Elect the U.S. President through the popular vote, not the Electoral College

national-popular-vote

Credit: FairVote

Next week, millions of Americans will head to the polls to cast their vote for U.S. President, U.S. Senator, U.S. Representative, state legislator, state attorney general, and city council members. Civic participation via the right to vote is the ideal inherent in all these elections, but they aren’t all decided the same way. One feature of the election for President distinguishes it from the rest: the Electoral College. Whereas other elections are decided by popular vote—whoever wins the majority of individual votes cast wins the office—the U.S. President is technically chosen the following December by Electors in the Electoral College.

A few implications of this byzantine Electoral College system stand out, in addition to confusion for voters because it’s not clear how their individual votes matter. As this explainer on a bipartisan plan to modernize the presidential election notes:

The shortcomings of the current system of electing the President stem from state winner-take-all statutes (i.e., state laws that award all of a state’s electoral votes to the candidate receiving the most popular votes in each separate state).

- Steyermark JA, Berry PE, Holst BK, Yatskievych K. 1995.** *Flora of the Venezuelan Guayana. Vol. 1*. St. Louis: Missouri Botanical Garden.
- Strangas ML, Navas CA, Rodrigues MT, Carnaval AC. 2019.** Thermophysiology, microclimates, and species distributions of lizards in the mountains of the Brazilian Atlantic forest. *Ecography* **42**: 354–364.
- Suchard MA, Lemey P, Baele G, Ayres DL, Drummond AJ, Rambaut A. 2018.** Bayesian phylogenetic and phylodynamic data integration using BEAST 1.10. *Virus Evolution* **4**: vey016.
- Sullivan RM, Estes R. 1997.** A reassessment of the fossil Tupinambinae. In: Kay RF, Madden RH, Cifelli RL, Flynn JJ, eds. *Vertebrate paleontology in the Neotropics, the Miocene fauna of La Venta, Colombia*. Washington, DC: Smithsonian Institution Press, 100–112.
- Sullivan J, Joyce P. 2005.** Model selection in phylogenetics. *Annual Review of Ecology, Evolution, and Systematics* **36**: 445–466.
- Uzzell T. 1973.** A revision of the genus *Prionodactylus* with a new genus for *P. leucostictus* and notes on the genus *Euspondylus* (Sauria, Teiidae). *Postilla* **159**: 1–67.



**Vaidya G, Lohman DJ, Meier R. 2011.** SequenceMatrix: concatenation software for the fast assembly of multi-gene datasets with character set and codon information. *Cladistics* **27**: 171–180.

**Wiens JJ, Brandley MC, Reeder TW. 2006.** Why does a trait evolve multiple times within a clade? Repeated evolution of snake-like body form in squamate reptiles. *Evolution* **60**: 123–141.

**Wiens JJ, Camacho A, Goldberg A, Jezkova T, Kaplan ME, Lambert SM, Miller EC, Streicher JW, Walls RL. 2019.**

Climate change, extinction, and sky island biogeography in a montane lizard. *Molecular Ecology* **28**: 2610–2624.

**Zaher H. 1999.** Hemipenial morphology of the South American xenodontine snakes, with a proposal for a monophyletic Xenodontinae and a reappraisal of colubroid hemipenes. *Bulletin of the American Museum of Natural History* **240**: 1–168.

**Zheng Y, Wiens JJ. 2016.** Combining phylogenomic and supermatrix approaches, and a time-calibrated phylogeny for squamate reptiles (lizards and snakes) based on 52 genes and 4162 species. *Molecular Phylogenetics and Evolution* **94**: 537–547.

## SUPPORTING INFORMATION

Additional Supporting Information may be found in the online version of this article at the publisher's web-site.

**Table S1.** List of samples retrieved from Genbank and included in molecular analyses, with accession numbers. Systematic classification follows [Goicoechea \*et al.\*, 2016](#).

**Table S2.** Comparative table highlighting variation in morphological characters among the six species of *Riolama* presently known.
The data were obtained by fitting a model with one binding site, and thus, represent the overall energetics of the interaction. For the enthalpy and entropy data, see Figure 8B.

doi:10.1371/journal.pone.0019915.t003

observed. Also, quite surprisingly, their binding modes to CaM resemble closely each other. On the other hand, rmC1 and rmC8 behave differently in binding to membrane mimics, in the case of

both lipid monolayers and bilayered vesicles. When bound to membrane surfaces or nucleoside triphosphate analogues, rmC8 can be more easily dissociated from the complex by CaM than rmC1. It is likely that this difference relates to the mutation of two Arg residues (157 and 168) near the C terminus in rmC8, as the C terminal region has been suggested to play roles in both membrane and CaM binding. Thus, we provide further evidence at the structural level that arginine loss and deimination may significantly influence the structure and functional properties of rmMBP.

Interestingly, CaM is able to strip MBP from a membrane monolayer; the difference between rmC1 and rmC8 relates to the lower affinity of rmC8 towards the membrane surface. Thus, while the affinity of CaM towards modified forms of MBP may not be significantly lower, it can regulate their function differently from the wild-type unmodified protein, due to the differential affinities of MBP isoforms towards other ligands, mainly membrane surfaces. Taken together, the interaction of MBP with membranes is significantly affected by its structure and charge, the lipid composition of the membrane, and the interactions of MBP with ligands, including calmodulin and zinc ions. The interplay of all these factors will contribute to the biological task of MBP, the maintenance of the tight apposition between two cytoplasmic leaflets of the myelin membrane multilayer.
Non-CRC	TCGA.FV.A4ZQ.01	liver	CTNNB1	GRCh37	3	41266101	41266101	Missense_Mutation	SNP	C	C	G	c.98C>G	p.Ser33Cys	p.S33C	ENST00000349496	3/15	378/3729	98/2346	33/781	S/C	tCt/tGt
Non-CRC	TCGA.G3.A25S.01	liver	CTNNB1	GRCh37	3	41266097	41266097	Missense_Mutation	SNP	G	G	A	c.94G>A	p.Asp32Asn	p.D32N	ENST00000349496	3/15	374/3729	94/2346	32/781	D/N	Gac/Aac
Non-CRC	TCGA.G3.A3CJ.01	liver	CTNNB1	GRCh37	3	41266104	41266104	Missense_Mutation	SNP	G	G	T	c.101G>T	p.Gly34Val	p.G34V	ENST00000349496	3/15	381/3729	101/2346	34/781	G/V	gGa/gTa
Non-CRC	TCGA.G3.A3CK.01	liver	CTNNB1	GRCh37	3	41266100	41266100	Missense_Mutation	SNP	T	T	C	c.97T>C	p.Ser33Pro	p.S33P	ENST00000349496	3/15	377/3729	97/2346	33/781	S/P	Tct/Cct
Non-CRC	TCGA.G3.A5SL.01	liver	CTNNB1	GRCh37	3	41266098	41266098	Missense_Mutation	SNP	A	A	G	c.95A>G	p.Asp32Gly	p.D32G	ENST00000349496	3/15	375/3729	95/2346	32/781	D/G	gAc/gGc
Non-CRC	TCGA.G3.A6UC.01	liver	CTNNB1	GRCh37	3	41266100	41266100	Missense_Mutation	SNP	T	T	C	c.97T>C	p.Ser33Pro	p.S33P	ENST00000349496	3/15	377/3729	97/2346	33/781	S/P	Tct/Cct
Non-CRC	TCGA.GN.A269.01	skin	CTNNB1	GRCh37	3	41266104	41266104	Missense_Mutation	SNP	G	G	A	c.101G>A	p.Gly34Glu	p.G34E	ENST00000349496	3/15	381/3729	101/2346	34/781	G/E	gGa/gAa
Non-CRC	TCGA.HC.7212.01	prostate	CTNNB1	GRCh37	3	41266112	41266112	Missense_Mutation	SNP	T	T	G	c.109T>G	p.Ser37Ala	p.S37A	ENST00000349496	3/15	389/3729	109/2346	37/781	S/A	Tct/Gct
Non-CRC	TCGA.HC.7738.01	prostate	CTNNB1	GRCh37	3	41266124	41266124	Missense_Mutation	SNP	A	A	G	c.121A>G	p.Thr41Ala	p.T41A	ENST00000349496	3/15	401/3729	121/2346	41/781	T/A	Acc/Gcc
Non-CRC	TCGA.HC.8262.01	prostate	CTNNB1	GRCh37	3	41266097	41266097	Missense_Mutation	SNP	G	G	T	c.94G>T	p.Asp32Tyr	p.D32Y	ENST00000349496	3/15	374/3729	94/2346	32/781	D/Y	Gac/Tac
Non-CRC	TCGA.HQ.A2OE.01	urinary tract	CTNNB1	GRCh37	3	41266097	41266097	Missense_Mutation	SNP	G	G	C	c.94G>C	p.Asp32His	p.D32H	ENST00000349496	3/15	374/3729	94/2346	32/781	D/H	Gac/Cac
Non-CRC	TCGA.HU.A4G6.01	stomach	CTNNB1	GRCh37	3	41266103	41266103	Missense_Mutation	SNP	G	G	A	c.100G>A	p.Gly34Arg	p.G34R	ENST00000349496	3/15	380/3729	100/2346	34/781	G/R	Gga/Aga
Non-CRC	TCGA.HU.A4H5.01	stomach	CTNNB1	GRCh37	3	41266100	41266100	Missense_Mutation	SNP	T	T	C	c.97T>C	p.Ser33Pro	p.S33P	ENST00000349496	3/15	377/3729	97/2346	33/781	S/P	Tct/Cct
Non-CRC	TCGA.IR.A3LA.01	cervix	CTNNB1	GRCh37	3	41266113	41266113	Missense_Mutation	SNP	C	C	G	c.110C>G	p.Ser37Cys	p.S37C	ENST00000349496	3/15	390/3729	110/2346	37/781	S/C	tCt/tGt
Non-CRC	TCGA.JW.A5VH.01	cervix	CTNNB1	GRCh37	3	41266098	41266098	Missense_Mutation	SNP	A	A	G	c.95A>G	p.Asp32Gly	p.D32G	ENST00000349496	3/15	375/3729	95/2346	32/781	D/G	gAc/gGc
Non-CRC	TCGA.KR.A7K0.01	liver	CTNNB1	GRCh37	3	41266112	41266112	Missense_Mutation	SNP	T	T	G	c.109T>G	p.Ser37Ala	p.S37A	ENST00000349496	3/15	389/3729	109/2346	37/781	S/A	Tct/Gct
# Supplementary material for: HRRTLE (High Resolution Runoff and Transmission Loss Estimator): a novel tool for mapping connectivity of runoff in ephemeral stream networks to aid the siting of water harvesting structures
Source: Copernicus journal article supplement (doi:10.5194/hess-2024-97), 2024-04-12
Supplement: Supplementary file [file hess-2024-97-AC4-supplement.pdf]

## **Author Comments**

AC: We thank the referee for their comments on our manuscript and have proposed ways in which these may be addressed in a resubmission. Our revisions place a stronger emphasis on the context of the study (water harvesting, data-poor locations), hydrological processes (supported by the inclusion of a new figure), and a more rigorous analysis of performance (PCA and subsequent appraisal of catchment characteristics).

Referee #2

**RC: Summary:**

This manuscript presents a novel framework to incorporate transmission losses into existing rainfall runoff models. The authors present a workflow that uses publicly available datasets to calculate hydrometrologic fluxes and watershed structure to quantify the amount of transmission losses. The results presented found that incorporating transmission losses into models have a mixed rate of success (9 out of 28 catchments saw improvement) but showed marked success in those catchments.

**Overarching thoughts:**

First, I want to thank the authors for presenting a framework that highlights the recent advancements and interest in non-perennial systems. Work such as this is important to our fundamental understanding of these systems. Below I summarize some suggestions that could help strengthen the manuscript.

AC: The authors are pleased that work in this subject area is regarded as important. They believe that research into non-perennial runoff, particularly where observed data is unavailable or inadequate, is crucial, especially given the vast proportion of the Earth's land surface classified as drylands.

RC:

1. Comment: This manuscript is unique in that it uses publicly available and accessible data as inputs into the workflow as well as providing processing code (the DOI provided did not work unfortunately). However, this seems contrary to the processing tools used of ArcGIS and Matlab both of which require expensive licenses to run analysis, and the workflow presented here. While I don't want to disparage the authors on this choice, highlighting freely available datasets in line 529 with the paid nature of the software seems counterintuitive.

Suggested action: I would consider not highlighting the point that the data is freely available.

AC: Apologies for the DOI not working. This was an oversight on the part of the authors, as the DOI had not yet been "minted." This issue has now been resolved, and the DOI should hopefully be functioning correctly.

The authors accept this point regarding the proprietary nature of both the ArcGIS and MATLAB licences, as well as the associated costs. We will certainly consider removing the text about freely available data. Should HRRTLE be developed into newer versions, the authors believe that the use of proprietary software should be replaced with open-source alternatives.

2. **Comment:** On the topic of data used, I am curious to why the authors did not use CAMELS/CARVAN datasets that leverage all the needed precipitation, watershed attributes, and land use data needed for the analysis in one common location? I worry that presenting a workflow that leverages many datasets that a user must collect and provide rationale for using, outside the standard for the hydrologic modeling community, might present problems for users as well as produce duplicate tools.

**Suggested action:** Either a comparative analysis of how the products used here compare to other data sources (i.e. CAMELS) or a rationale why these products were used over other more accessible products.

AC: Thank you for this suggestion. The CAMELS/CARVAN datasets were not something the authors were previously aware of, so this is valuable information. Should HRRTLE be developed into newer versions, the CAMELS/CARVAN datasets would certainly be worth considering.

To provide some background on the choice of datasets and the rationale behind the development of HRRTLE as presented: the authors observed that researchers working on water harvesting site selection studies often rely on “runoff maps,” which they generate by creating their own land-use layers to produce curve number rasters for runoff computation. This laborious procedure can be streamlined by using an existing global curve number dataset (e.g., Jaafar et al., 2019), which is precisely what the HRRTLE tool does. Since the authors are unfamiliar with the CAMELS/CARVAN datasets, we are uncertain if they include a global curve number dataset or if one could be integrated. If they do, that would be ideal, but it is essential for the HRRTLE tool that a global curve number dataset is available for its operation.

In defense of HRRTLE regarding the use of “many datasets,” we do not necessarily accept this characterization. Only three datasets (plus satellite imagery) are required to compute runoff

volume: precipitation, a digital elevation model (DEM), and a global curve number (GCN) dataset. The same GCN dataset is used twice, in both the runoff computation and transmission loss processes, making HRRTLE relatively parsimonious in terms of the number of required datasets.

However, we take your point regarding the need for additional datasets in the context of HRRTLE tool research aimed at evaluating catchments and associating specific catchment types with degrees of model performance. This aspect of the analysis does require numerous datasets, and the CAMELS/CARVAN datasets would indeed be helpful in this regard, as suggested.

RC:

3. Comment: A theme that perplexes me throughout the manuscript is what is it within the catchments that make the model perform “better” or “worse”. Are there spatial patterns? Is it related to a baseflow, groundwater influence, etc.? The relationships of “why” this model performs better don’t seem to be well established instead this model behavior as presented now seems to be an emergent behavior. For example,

Because of these state winner-take-all statutes, presidential candidates have no reason to pay attention to the issues of concern to voters in states where the statewide outcome is a foregone conclusion. As shown on the map, two-thirds of the 2012 general-election campaign events (176 of 253) were in just 4 states (Ohio, Florida, Virginia, and Iowa). Thirty-eight states were ignored.

State winner-take-all statutes adversely affect governance. “Battleground” states receive 7% more federal grants than “spectator” states, twice as many presidential disaster declarations, more Superfund enforcement exemptions, and more No Child Left Behind law exemptions.

Also, state winner-take-all statutes have allowed candidates to win the Presidency without winning the most popular votes nationwide in four of our 57 presidential elections—1 in 14 times.

That modernization proposal is the National Popular Vote Interstate Compact. The nonpartisan FairVote organization offers more details here:

The Constitution gives states full control over how they allocate their electoral votes. The current winner-take-all method, in which the winner of the statewide popular vote wins all of that state’s electoral votes, is a choice—and states can choose differently. Under the National Popular Vote interstate compact, states choose to allocate their electoral votes to the candidate who wins the most popular votes in all 50 states and DC. This compact takes effect only when enough states sign on to guarantee that the national popular vote winner wins the presidency. That means states with a combined total of 270 electoral votes—a majority of the Electoral College—must join the compact for it to take effect.

In short, upgrading our presidential election system to a popular vote would ensure that “every vote, in every state, will matter in every presidential election.” It’s not a fantastical idea either; currently the Interstate Compact concept enjoys bipartisan support, particularly from good government reformists. According to one advocacy website, the tally is as follows:

For more information, see National Popular Vote (2016) and National Popular Vote, FairVote (2016).